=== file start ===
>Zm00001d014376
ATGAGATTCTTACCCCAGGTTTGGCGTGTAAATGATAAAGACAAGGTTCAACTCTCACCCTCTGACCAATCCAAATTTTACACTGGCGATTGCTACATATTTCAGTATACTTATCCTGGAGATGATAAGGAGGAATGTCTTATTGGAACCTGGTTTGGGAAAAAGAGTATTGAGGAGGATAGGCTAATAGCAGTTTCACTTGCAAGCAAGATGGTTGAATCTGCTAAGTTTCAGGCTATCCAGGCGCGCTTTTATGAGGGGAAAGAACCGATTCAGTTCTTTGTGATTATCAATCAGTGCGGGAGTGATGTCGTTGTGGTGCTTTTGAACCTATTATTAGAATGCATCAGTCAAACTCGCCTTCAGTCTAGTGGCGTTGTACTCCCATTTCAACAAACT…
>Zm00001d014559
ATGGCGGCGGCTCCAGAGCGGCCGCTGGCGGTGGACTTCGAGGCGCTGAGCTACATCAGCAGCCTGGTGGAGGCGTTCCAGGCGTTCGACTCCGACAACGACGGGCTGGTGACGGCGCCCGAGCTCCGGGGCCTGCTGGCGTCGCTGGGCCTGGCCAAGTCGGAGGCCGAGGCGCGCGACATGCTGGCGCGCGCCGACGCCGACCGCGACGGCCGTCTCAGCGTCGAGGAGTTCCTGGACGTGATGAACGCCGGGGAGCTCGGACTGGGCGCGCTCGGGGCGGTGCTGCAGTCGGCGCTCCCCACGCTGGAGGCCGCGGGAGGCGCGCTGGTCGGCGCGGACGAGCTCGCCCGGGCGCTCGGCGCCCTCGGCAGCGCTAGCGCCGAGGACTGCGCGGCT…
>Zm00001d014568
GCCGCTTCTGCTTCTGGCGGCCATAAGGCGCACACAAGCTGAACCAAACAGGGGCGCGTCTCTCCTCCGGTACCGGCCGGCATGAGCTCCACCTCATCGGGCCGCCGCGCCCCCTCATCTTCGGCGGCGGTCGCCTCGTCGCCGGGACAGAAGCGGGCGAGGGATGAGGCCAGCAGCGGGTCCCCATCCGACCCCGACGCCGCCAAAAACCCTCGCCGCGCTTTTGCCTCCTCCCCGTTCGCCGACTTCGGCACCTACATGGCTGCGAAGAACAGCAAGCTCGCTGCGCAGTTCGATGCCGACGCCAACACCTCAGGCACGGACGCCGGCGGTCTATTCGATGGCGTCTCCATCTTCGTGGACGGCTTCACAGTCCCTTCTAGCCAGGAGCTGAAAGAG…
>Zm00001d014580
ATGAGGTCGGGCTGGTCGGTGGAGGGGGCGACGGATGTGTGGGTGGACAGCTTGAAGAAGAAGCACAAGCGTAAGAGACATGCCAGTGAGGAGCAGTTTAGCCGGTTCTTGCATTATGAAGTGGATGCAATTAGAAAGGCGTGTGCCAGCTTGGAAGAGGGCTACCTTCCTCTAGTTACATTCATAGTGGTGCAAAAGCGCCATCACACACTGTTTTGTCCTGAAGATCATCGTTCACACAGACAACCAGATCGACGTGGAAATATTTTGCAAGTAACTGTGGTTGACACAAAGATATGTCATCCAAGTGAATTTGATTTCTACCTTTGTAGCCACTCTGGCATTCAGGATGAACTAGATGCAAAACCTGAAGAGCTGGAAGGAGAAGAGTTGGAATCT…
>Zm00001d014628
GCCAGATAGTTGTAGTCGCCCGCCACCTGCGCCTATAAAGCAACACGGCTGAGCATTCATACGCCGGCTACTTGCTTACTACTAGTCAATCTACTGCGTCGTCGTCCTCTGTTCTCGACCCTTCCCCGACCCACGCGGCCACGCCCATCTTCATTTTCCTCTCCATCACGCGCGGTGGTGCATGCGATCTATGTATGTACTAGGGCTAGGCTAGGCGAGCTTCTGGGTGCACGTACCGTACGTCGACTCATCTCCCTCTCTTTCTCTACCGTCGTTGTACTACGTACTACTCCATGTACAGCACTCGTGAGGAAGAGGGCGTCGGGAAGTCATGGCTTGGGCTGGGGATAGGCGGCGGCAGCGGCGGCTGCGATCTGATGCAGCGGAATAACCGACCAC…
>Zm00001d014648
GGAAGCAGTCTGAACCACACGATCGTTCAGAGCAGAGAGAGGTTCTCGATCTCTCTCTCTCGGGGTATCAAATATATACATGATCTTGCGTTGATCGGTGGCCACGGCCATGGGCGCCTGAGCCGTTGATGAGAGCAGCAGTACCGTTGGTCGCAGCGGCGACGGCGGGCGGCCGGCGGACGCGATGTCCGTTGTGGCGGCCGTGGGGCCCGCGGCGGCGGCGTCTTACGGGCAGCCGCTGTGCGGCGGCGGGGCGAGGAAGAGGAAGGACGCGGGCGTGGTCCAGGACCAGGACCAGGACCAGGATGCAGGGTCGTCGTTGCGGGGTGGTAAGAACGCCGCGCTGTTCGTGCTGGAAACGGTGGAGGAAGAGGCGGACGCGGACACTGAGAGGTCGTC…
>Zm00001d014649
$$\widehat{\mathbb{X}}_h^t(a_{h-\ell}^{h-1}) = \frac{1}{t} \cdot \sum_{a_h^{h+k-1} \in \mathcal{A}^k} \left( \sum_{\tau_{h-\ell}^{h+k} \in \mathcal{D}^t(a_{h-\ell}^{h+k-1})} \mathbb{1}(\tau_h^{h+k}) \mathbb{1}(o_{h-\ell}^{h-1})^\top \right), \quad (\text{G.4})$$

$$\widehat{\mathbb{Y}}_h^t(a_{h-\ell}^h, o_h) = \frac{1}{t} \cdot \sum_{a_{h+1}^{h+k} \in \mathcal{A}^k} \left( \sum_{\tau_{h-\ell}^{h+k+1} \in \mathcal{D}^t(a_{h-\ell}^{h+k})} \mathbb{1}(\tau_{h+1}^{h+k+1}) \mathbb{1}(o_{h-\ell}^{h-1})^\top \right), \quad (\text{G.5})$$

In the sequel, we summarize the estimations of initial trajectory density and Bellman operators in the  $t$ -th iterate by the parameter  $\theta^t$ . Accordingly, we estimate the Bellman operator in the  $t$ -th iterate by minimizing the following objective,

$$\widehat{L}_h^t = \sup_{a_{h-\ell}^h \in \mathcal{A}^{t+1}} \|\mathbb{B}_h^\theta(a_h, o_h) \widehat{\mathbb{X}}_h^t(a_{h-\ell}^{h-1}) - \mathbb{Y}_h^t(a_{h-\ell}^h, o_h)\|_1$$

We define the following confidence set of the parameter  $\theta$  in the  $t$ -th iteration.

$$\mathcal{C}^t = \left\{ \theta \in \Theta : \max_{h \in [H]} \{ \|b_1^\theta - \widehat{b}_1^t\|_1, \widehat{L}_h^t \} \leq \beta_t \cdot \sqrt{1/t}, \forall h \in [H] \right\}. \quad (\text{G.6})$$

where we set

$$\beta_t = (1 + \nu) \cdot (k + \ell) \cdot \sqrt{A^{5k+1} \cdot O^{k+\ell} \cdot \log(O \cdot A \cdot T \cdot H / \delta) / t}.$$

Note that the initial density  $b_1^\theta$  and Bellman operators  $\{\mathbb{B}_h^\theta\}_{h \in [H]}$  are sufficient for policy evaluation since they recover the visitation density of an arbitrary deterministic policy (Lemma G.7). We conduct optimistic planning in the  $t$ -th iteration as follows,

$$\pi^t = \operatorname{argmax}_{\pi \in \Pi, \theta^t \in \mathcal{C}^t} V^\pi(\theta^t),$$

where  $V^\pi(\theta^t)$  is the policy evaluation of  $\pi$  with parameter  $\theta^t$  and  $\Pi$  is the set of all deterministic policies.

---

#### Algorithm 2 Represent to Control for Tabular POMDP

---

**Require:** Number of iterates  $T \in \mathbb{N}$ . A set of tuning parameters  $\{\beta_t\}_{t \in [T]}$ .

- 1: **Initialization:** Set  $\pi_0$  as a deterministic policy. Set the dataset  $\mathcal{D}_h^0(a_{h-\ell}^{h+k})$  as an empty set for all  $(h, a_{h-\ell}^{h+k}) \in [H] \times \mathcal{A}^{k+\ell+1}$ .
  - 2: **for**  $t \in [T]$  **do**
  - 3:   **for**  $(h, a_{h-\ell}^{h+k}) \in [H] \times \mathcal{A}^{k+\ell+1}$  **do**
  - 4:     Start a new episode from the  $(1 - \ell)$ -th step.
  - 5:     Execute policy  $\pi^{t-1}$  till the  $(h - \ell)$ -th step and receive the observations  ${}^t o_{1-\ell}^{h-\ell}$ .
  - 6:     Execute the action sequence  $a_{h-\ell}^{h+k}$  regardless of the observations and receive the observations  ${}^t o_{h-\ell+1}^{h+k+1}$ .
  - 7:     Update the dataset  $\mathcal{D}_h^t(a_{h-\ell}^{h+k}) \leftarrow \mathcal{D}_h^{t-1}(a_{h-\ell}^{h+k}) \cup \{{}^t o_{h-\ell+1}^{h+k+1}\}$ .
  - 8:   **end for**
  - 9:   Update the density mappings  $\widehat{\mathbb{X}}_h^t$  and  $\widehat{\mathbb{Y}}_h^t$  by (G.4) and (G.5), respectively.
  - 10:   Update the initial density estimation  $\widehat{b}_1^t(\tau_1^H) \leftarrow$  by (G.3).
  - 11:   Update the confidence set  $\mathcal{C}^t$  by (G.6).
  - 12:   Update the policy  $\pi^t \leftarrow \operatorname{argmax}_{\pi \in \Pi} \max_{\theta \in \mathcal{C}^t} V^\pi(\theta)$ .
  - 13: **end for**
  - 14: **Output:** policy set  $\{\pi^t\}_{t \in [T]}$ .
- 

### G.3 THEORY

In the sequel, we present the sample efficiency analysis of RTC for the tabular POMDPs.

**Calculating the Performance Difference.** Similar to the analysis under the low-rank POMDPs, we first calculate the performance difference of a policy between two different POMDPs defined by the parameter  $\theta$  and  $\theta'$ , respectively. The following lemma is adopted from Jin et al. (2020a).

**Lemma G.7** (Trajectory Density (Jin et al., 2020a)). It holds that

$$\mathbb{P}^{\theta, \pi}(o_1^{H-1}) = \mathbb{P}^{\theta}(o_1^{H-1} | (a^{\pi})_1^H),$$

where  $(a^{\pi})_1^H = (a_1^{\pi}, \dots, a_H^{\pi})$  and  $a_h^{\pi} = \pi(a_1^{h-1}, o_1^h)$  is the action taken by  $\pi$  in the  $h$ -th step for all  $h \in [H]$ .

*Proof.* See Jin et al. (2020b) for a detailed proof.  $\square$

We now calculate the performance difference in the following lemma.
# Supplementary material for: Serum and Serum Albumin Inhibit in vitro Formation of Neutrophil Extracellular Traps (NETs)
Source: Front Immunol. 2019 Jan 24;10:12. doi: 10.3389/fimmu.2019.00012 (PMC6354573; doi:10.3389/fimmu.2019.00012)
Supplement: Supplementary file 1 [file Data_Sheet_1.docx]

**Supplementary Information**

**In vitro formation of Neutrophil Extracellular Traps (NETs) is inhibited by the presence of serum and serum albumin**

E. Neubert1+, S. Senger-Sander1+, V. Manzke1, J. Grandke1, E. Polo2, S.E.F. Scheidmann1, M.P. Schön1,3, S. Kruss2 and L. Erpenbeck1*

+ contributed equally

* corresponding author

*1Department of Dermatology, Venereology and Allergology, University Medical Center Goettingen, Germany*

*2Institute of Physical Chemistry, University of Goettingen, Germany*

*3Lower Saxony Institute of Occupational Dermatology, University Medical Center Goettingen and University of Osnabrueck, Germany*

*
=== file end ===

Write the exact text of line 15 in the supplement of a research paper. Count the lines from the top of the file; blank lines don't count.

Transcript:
$$\widehat{\mathbb{Y}}_h^t(a_{h-\ell}^h, o_h) = \frac{1}{t} \cdot \sum_{a_{h+1}^{h+k} \in \mathcal{A}^k} \left( \sum_{\tau_{h-\ell}^{h+k+1} \in \mathcal{D}^t(a_{h-\ell}^{h+k})} \mathbb{1}(\tau_{h+1}^{h+k+1}) \mathbb{1}(o_{h-\ell}^{h-1})^\top \right), \quad (\text{G.5})$$